Author:Dalmia, Shikha

MORE THAN 250 foreign students have been arrested by Immigration and Customs Enforcement (ICE) in a sting operation against "pay-to-stay visa mills"--fake universities that handle transcripts and paperwork so that foreign students can maintain their visa status without actually attending college.

But sources connected to the students say the operation, which involved ICE setting up its own fake university, lured in a number of students who had done nothing wrong. Some of those students were even tricked into quitting legitimate schools in favor of the feds' fake university. Meanwhile, real visa mills--the operation's supposed target--remain unaffected.

The latest chapter in the story began in 2015, when ICE decided to crack down on visa mills. The agency created the University of Northern New Jersey, a fake college that held no classes and offered no instruction. If students paid recruiters between $3,000 and $12,000, they could "enroll" and show that they were taking the course load needed to satisfy the requirements of their F-1 student visas and, more importantly, to obtain Curricular Practical Training (CPT) status.

Usually, F-1 recipients are limited to 20 hours of weekly on-campus employment. But CPT status allows those who have completed one year of academic work to take jobs off campus if the work is integral to their area of study. For instance, nursing students who need practical training to complete the requirements for their degrees can work in a hospital and get paid for it.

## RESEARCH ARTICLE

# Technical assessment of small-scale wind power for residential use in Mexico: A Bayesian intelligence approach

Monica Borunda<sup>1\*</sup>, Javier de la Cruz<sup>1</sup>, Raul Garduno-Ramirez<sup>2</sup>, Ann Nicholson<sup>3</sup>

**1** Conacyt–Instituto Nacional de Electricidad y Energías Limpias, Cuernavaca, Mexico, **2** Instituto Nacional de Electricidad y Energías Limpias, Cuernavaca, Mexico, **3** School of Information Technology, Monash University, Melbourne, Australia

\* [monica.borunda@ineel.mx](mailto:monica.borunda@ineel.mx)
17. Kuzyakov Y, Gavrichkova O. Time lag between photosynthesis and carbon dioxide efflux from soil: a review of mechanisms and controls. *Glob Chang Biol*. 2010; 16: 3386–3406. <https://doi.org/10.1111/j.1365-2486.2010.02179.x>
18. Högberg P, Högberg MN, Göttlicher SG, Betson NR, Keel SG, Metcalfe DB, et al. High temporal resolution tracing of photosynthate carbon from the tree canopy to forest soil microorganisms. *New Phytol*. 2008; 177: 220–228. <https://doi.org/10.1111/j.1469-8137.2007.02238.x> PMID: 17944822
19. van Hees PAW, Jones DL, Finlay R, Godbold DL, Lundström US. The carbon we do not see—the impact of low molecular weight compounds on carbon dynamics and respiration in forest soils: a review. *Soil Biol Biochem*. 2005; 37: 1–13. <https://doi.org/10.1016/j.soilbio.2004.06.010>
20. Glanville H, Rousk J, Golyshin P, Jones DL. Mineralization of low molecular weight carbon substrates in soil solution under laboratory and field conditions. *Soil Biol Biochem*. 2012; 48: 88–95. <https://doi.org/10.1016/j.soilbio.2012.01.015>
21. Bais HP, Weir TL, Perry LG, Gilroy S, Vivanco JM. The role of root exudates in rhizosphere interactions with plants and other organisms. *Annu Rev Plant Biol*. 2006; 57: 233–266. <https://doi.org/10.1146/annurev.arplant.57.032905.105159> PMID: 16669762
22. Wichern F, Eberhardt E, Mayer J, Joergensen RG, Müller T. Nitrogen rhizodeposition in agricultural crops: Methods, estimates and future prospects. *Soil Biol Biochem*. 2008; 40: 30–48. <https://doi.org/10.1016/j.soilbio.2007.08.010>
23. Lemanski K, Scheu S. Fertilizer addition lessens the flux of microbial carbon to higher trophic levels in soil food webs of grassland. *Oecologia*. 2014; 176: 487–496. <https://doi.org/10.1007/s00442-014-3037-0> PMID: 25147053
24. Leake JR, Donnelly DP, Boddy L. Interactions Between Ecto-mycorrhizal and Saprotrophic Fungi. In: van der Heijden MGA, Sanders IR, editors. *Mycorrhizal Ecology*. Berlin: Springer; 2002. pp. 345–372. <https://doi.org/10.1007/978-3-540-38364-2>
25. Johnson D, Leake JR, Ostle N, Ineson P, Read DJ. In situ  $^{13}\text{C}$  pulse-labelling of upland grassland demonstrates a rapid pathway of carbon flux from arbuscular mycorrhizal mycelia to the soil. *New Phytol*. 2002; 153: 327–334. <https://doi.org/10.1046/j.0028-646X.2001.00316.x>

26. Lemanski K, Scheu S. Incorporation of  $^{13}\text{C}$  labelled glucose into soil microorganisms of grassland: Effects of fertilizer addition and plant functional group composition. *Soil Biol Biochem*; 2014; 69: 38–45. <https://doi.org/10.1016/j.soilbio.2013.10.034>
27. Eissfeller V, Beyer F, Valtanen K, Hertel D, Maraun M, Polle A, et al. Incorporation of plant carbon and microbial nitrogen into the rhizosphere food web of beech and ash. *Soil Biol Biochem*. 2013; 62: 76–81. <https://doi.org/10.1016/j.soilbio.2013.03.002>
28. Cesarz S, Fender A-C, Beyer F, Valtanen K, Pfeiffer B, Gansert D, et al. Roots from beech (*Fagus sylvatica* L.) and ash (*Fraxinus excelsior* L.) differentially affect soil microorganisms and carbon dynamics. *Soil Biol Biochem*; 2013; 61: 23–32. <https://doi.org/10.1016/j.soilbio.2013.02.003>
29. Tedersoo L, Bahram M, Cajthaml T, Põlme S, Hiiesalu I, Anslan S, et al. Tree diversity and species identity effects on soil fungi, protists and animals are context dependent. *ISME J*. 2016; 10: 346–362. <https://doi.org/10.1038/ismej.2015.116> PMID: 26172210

The New York Times reported in 2016 that some University of Northern New Jersey students genuinely didn't know what they were getting into. Many students had obtained jobs but didn't win an H-1B visa in the annual lottery, which gets twice as many applicants as there are visas handed out each year. So the CPT became a stopgap way of obtaining work status until they could try again for an H-1B.

The sensible policy response would have been for Congress to raise or scrap the annual H-1B cap so that foreign students with job offers are assured of work authorization. This would instantly throw all the visa mills out of business. But given the enthusiasm for enforcement, ICE decided to play detective via elaborate stings.

The 2015 New Jersey sting resulted in over 1,000 students losing their visas and being thrown out of the country. But according to Rahul Reddy, a Texas attorney who specializes in employment-based immigration law, the primary targets were...

To continue reading